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Lean Work Processes and the Health Care Crisis

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This podcast provides an overview of the challenges facing health care institutions, the benefits health care has derived from the application of Lean processes, and the resources available through St. Louis Community College that can be used to support a transition to Lean.
Health care is in a state of crisis in the United States. Costs are skyrocketing, quality needs to be improved, and access needs to be extended to more of our fellow citizens. The beliefs and practices of Lean manufacturing are being used to meet these challenges. For example, one major university affiliated hospital reported a 37% reduction in the mortality rate in its emergency room following the application of 5S, one of the tools of Lean manufacturing. This podcast describes the ways in which Lean thinking and Lean work processes are being used to transform the quality and efficiency of service delivery in medical facilities around the world.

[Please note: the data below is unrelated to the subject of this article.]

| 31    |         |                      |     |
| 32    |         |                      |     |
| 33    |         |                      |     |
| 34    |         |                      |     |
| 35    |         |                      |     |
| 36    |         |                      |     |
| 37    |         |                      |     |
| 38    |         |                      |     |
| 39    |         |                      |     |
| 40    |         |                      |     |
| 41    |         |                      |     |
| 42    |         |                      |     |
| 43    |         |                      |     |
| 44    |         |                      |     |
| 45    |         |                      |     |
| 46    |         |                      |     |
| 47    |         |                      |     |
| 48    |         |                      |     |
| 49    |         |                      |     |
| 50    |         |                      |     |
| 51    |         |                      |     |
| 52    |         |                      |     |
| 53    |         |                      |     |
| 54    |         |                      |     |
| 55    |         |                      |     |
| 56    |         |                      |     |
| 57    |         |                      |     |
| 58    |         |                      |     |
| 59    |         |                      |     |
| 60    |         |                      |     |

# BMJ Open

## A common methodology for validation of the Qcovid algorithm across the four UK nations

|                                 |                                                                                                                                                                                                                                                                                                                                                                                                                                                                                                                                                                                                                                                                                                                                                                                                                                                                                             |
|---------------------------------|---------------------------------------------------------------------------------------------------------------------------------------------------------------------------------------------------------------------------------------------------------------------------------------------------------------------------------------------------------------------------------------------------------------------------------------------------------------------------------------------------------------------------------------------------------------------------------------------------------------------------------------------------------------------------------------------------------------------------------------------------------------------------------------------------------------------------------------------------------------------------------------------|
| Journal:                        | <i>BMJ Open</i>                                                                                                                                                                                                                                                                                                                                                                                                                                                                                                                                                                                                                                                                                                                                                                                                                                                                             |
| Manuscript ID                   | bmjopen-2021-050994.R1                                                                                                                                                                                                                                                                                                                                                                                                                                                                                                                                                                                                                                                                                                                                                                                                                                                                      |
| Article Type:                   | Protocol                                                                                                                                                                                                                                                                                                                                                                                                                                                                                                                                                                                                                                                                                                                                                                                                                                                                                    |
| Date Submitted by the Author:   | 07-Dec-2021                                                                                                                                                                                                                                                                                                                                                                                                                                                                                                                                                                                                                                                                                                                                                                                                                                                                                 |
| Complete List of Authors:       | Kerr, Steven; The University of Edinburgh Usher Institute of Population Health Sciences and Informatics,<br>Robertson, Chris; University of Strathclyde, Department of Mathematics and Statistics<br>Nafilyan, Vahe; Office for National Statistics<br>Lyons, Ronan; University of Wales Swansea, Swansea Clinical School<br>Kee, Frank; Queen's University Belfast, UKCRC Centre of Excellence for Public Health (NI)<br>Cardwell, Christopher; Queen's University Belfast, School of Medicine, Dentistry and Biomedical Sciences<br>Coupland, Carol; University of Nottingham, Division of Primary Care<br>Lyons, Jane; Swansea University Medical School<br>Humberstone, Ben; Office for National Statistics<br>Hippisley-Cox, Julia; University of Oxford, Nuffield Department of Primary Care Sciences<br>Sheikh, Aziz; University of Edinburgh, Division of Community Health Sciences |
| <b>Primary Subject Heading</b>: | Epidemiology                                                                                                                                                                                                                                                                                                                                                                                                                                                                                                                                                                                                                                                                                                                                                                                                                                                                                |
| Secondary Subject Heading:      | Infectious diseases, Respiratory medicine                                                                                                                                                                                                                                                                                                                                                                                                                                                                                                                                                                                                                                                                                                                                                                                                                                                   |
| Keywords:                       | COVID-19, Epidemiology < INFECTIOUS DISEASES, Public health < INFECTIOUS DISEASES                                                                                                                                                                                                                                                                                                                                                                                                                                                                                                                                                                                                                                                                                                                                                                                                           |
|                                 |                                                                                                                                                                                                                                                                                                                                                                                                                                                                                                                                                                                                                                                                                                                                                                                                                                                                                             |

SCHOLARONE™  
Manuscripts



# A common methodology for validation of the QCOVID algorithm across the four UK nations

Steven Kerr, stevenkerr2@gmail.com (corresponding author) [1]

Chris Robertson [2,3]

Duration: 13:00 Audio MP3
© 2010 St. Louis Community College
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A year and a half ago I found myself in an Emergency Room at 5:00 a.m. on a Monday morning with a bad case of bronchitis. As I was resting in an examining room, I noted a nurse coming into the room in which I had been placed. I watched as she approached the cabinets on one side of the room and started opening drawers. She opened one ... and two ... and three ... and finally found what she was looking for, a pair of latex gloves. I was getting bored and decided to do some Lean fact-finding and asked her, "How do you know which drawer the latex gloves are in?" She quickly answered, "I have to open the drawers." Getting more curious, I asked another question, "Are the latex gloves in the same drawer in each of the examining rooms?" She answered in a tone of voice that reflected both a bit of impatience at my nosiness coupled with the belief that she was describing a rational world. Her answer, "No, they're not." I was also struck by the absolute innocence of her response. She seemed to see nothing at all odd about what she had said.